At New Great Barrier Reef Sculpture Exhibit, Visitors Dive Among Conservation-Inspired Submerged Art

A new sunken sculpture trail at the Museum of Underwater Art in Australia uses powerful art pieces to highlight threats facing the world’s oceans.

Museum of Underwater Art’s new <i>Ocean Sentinel</i> sculptures by Jason deCaires Taylor honor the guardians of the Great Barrier Reef.

Museum of Underwater Art’s new Ocean Sentinel sculptures by Jason deCaires Taylor honor the guardians of the Great Barrier Reef.

Photo by Jason deCaires Taylor

For nearly two decades, British eco-sculptor Jason deCaires Taylor’s fascinating underwater art worlds have brought greater awareness to our threatened oceans—while actively helping regenerate life within them. His sunken museums filled with sculptures that double as artificial reefs are located throughout the globe, including off the shores of Mexico, France, and Indonesia. The artist’s newest immersed works of art are being unveiled among one of nature’s most impressive masterpieces and most vulnerable assets, the Great Barrier Reef.

Ocean Sentinels is the artist’s latest installation at the Museum of Underwater Art (MOUA) in the heart of Australia’s Great Barrier Reef Marine Park. MOUA, a series of large-scale underwater exhibits, all by deCaires Taylor, first opened in 2020 with an aim to connect art, conservation, science, and tourism.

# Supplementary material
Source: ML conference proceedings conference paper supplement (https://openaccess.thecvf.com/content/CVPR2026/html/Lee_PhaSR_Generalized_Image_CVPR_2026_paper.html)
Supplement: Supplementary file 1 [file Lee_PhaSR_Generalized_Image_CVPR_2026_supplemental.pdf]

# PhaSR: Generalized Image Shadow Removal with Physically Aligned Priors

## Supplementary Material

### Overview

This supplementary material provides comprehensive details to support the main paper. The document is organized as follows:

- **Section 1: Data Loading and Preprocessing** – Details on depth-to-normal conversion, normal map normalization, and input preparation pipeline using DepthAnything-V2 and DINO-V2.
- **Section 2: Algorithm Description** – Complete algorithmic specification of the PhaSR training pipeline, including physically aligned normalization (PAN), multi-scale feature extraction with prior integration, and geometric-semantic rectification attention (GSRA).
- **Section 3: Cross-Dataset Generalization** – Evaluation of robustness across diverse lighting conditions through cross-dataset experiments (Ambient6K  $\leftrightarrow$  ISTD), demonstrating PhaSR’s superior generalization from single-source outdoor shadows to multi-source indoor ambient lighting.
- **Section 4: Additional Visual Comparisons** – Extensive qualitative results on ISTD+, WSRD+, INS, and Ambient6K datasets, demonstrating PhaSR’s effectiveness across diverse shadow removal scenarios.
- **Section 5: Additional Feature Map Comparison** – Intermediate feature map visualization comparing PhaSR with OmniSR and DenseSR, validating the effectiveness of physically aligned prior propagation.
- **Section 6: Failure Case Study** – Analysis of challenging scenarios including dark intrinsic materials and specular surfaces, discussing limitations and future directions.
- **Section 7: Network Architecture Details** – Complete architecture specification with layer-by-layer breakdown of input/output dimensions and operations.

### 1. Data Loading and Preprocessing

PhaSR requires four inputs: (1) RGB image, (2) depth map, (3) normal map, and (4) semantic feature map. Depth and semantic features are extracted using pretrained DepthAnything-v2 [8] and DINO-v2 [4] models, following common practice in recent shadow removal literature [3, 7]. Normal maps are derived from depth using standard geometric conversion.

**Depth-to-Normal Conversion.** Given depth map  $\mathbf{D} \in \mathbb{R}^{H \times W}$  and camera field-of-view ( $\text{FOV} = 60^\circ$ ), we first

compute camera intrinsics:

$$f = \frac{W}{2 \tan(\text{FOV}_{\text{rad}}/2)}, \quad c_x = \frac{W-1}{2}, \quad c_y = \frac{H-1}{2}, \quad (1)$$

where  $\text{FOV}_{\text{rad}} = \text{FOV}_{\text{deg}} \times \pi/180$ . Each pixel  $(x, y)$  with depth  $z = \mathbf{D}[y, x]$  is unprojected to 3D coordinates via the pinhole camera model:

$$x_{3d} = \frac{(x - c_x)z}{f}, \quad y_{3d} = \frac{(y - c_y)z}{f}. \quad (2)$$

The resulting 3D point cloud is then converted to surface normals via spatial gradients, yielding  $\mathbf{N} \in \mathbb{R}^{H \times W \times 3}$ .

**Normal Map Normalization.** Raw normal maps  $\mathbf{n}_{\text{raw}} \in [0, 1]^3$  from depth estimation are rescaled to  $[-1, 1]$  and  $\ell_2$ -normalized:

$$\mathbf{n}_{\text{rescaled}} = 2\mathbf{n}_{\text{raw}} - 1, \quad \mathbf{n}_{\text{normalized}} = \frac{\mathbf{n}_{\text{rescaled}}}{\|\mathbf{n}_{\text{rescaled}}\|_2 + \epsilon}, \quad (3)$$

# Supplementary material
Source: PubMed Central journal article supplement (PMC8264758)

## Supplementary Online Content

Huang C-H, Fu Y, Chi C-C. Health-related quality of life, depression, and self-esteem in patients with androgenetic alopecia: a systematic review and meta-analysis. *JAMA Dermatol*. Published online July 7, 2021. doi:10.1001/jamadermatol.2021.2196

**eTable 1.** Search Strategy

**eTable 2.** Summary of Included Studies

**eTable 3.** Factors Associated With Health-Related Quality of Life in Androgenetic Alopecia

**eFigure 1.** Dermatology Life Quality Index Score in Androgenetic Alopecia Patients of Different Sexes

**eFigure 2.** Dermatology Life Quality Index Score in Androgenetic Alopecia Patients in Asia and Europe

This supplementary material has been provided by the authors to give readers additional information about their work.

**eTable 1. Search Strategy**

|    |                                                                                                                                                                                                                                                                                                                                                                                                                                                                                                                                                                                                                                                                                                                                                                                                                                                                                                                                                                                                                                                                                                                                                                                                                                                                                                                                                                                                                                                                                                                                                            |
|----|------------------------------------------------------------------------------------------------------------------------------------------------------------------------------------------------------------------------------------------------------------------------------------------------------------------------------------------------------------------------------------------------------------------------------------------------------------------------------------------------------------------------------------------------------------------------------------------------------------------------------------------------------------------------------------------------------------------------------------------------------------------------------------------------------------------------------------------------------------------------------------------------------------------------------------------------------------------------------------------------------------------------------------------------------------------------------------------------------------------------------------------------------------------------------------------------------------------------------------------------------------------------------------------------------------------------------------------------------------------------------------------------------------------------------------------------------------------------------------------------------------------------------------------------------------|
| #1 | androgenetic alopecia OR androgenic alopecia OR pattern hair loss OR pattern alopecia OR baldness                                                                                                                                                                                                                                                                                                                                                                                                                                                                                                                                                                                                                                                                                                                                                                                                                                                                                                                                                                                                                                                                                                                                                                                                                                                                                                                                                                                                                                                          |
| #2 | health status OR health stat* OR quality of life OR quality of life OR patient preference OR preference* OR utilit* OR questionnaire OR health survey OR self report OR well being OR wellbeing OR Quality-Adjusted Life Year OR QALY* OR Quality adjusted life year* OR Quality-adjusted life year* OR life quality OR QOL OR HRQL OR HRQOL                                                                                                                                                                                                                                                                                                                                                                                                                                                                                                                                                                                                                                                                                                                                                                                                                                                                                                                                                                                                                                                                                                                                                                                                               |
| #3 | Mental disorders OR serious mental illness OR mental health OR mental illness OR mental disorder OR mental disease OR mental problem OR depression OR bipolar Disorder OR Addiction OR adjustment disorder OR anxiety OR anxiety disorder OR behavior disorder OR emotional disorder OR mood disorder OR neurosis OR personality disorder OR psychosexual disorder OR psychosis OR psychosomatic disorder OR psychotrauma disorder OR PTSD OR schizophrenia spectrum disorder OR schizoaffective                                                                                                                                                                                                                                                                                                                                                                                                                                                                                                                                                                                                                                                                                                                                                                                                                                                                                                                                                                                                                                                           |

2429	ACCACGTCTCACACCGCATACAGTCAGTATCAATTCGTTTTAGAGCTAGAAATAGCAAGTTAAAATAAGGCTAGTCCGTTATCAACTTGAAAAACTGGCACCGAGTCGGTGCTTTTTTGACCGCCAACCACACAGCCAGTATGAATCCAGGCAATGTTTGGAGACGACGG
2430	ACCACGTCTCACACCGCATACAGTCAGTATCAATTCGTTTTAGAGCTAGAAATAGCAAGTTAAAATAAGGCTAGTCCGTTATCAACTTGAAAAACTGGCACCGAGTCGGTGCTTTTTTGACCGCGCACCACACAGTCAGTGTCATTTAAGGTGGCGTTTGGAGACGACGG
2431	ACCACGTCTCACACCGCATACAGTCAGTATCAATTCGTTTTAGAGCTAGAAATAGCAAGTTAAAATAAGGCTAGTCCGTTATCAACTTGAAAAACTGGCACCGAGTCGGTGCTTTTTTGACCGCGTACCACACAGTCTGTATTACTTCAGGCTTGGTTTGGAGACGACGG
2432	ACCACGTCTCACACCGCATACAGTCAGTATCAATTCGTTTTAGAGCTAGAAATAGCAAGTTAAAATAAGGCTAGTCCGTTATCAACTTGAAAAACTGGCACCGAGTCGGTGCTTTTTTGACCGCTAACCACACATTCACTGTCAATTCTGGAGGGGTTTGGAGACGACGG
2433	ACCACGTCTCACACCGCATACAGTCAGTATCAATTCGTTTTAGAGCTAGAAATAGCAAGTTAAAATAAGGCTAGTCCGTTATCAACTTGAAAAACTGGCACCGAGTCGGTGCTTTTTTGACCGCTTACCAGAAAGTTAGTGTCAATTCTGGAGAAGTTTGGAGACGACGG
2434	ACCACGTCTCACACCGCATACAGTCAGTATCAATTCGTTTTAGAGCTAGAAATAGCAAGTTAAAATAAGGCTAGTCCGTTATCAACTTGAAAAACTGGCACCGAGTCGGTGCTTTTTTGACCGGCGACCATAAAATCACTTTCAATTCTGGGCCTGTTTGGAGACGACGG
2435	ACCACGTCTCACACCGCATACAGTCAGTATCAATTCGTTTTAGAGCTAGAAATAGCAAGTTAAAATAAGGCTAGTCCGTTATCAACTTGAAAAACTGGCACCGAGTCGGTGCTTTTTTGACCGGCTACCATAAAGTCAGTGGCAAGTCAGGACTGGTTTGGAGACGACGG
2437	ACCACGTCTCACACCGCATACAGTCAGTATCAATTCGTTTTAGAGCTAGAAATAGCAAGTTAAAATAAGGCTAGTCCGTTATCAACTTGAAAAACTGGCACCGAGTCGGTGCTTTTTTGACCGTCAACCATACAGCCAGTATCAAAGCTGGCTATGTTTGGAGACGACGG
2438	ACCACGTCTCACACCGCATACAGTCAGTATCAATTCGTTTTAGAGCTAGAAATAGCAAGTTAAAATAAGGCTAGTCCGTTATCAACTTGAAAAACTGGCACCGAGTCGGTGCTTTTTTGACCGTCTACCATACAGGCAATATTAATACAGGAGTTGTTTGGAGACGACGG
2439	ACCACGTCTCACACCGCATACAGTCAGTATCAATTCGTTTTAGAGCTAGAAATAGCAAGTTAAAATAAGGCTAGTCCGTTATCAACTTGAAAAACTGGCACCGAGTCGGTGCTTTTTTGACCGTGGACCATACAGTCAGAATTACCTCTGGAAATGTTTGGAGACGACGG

While his artworks are standing on the ocean floor rather than displayed in a gallery on land, the sculptor believes calling the spaces that house them museums is important: “Museums are places of conservation, education, and about protecting something sacred. We need to assign those same values to our oceans.”

His new series of hybrid-human figure sculptures honoring the marine scientists, conservationists, and Indigenous communities who protect the Great Barrier Reef—the reef’s “ocean sentinels” as it were—officially launches on World Oceans Day, June 8, 2023. These submerged sculptures can be viewed by snorkeling or diving at MOUA off the coast of Townsville, Queensland.

Each Ocean Sentinel sculpture is a synthesis of a human form and the natural marine elements, such as corals and shells, that refer to the individual’s expertise. As the mission of all of deCaires Taylor’s work, the underwater sculptures not only put a spotlight on our fragile oceans and reefs under pressure but also provide new havens for coral to regenerate and marine life to thrive.

“I hope it [Ocean Sentinels] will . . . introduce people to some of the world’s leading marine biologists and their field of study,” deCaires Taylor tells AFAR.

Submerged shallow enough to be accessible for snorkelers, at 13 to 20 feet below the water’s surface, the sculptures are made from a low-carbon eco-friendly concrete—pH neutral marine-grade cement, which is free from harmful pollutants and textured to instigate coral growth. Standing over seven feet tall and weighing three tons, the eight sculptures were placed in an area of barren sandbanks to draw snorkelers and divers away from more fragile reefs nearby.